CLINICAL EXAMINATION OF THE EYE

    Approximately 75% of adults older than 40 years of age have ametropia requiring refraction correction [8,43]. However, many refractive errors are not sufficiently corrected and are, as such, the leading cause of mild visual impairment [43]. Among all adults, myopia occurs more frequently than hyperopia (25% vs. 10%), and hyperopia is more common in women than men; both myopia and hyperopia have been found to be more common in white adults than in Hispanic or black adults [43]. A high degree of myopia has been associated with a higher risk of ocular diseases that may lead to vision loss (e.g., glaucoma, cataract, retinal detachment).

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  11. Which of the following instruments should be part of the basic equipment for office preparedness in all primary care settings?

    OFFICE PREPAREDNESS FOR EYE EXAMINATION AND TREATMENT IN THE PRIMARY CARE SETTING

    CONTENTS OF EYE TRAY FOR EMERGENCY TREATMENT

    Eye irrigation system (i.e., intravenous tubing, liter of isotonic saline, and basin)
    Ophthalmic medications (i.e., short-acting mydriatic agent, topical anesthetic, and topical antibiotics)
    Cobalt blue light
    Handheld ophthalmoscope
    Fluorescein dye
    Litmus or pH paper
    Hypodermic needle (18 or 20 gauge)
    Loupe
    Cotton-tipped swabs
    Sterile water
    Diluted sodium hypochlorite spray (for disinfecting work surfaces)
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  12. Which "red-eye" condition is encountered most frequently by primary care clinicians?

    SYMPTOMATIC CONDITIONS OF THE EYE AND EYELID

    Conjunctivitis is inflammation of the membrane that lines the underneath surface of the eyelids and the exposed surface of the sclera. Of the so-called red-eye-associated conditions, conjunctivitis is encountered most often by primary care clinicians and is one of the most common diagnoses in family practice [52]. The condition is most often caused by the highly contagious adenoviruses; other causes include infectious micro-organisms, chemicals, mechanical eye irritation, allergies, immune-mediated factors, and neoplastic diseases [8]. In general, bacterial conjunctivitis is uncommon, and fungal or parasitic cases are rare. Any ocular chemical irritants, foreign bodies, or trauma can introduce conjunctivitis. These noninfectious agents cause inflammation in only the affected eye. The features and treatment differ according to the type of conjunctivitis. Conjunctivitis rarely causes permanent vision loss or structural damage but is a socioeconomic burden because of lost work or school time and the cost of medical visits and treatment [8].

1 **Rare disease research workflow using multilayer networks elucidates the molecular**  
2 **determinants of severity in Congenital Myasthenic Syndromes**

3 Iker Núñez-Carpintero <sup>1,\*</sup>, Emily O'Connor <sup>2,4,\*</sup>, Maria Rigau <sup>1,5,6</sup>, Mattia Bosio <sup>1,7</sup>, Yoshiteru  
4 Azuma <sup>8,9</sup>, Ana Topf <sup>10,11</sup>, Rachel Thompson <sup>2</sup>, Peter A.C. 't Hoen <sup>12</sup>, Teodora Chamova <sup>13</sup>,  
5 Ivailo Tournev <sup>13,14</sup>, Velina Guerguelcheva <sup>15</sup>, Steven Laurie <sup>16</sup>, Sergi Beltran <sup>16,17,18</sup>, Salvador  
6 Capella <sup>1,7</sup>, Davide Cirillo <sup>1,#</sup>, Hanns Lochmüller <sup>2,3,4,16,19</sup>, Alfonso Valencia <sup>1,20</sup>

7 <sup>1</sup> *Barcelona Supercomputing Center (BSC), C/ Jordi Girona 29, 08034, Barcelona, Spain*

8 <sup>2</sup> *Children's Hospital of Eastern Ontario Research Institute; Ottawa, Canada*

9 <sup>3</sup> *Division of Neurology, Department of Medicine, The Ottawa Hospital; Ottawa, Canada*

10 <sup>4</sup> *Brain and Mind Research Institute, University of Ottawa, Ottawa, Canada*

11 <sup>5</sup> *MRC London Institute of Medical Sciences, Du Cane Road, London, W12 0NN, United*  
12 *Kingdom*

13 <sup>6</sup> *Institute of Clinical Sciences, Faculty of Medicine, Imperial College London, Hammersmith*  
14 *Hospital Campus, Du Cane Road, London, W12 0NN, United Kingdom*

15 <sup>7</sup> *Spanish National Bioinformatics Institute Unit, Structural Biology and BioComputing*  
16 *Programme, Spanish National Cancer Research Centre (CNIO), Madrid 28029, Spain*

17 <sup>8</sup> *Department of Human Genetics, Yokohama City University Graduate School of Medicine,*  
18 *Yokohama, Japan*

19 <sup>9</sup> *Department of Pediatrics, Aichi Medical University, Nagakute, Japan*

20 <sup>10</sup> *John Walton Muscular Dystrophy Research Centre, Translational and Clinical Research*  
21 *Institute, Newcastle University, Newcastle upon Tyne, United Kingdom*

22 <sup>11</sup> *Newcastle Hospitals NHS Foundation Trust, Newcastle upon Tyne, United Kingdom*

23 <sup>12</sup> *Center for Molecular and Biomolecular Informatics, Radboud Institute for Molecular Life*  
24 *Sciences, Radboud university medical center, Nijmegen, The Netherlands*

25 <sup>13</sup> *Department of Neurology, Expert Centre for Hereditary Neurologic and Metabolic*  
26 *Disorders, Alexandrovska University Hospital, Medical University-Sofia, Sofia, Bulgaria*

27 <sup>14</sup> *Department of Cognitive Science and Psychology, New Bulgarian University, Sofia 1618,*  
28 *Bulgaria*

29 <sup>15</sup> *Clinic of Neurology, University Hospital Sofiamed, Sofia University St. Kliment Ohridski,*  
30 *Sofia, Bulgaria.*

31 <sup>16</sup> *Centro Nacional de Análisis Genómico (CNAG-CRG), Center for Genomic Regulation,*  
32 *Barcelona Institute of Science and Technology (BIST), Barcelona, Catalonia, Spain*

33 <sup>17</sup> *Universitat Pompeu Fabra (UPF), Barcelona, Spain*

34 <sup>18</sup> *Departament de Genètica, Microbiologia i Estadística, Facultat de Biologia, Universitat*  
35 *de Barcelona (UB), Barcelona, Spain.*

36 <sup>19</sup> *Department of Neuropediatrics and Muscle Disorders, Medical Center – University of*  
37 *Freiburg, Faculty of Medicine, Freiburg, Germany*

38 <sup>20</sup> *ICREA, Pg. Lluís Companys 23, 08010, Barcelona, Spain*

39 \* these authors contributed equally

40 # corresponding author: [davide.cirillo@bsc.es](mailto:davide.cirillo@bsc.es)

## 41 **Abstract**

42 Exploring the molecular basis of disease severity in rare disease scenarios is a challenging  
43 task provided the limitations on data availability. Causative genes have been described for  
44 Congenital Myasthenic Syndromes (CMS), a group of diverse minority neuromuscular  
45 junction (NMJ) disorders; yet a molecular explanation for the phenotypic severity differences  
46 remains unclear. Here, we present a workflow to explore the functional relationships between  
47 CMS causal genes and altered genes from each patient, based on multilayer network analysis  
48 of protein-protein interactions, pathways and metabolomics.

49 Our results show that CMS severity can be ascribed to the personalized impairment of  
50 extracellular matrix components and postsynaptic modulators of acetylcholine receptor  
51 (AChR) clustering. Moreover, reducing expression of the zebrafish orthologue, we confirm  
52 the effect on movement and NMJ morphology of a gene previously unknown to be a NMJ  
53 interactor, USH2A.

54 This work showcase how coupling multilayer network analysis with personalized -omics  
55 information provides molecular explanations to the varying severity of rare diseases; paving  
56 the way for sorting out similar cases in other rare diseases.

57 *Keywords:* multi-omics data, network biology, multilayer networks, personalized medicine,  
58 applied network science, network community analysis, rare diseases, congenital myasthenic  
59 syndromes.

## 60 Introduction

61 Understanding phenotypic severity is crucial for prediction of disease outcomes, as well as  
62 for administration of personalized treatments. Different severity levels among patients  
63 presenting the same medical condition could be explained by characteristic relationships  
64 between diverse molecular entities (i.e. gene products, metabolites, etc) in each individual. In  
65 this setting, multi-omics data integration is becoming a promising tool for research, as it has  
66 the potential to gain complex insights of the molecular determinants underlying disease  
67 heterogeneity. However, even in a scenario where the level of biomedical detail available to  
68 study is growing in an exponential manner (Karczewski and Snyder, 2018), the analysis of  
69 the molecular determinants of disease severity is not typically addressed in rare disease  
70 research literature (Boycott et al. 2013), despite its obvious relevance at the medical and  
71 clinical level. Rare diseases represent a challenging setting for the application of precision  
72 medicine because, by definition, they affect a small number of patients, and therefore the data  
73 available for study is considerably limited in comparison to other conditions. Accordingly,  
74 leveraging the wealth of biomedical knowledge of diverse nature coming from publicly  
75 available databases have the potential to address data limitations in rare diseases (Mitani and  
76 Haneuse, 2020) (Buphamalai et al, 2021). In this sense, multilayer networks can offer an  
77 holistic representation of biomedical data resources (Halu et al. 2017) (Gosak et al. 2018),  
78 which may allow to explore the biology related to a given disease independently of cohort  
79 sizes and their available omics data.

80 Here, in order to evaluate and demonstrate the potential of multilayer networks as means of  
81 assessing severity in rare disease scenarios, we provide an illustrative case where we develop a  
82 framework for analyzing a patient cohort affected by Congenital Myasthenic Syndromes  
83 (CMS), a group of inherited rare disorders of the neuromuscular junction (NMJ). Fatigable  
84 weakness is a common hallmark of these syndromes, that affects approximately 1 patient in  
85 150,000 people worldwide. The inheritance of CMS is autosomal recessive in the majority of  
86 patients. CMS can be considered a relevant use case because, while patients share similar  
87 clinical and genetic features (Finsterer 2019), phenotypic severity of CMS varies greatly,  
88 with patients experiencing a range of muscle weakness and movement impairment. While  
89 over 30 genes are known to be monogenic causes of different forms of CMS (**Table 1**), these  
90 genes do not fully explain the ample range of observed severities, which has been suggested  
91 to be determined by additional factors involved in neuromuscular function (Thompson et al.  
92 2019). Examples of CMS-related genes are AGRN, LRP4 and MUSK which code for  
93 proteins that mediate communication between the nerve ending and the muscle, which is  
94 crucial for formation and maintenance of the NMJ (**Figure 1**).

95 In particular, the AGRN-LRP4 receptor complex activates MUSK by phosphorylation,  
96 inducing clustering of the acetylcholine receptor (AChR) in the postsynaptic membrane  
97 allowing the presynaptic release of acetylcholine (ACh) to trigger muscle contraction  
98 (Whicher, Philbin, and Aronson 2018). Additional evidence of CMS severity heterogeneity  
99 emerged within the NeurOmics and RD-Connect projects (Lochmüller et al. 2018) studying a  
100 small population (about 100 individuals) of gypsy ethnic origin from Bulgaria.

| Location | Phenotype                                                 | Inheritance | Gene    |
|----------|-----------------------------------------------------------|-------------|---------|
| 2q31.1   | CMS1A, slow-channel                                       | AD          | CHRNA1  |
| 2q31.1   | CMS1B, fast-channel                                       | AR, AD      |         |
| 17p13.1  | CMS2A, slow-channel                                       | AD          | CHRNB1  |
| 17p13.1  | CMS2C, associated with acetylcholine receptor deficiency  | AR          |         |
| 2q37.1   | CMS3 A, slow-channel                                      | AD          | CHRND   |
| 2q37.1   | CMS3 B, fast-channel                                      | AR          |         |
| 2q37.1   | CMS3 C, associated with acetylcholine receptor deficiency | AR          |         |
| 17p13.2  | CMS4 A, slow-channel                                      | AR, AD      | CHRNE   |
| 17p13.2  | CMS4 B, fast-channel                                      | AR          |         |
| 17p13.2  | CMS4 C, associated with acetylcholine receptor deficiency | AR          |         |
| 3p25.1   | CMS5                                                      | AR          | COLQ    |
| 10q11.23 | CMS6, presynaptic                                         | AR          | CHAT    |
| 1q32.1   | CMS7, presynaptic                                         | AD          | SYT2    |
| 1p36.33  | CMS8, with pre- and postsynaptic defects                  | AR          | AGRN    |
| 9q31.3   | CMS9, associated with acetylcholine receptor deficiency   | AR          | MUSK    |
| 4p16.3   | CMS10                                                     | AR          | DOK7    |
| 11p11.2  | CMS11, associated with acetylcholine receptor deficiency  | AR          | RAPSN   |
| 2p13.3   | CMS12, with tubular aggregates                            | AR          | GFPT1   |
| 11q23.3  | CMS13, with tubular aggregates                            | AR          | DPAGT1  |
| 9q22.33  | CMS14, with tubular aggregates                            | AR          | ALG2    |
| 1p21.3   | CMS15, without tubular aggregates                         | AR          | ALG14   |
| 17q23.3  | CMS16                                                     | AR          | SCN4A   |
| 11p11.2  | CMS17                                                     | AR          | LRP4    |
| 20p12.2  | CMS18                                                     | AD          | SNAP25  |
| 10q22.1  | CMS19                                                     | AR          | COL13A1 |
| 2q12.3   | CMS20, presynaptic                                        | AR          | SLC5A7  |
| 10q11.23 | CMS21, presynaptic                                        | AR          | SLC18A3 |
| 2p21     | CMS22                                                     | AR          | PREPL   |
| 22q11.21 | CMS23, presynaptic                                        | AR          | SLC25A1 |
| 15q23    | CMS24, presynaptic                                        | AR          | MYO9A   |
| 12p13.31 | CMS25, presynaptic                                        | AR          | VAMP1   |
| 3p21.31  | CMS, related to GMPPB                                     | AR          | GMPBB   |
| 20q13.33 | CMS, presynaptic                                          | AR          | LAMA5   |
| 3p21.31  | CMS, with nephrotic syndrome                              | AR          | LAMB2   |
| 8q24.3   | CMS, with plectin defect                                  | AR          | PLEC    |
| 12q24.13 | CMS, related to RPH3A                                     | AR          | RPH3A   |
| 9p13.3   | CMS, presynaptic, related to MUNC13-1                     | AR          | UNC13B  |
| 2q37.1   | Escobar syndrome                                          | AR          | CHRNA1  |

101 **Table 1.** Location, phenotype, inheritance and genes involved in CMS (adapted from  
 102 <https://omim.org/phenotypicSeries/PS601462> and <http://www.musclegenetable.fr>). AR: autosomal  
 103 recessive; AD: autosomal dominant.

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  13. Which of the following is the most common type of conjunctivitis?

    SYMPTOMATIC CONDITIONS OF THE EYE AND EYELID

    Conjunctivitis is inflammation of the membrane that lines the underneath surface of the eyelids and the exposed surface of the sclera. Of the so-called red-eye-associated conditions, conjunctivitis is encountered most often by primary care clinicians and is one of the most common diagnoses in family practice [52]. The condition is most often caused by the highly contagious adenoviruses; other causes include infectious micro-organisms, chemicals, mechanical eye irritation, allergies, immune-mediated factors, and neoplastic diseases [8]. In general, bacterial conjunctivitis is uncommon, and fungal or parasitic cases are rare. Any ocular chemical irritants, foreign bodies, or trauma can introduce conjunctivitis. These noninfectious agents cause inflammation in only the affected eye. The features and treatment differ according to the type of conjunctivitis. Conjunctivitis rarely causes permanent vision loss or structural damage but is a socioeconomic burden because of lost work or school time and the cost of medical visits and treatment [8].

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  14. The primary risk factor for bacterial keratitis is

    SYMPTOMATIC CONDITIONS OF THE EYE AND EYELID

    The primary risk factor for bacterial and fungal keratitis is contact lens use; other common risk factors are pre-existing ocular disease and ocular trauma [57,58]. Pseudomonas aeruginosa, Staphylococcus aureus, and other coagulase-negative staphylococci are the most common causative micro-organisms [57,58]. Treatment with topical antibiotic should be empiric, and the eye should not be patched [8,59]. Bacterial keratitis carries a heavy burden: in 2010, 930,000 physician office and outpatient clinic visits and 58,000 emergency department visits were for bacterial keratitis or contact lens disorders [60]. The estimated cost was $175 million in direct healthcare expenditures annually [60]. This burden calls for clinicians to heighten awareness of proper hygiene among their patients who wear contact lenses, emphasizing several points (Table 9).

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  15. One of the most common causes of infectious uveitis is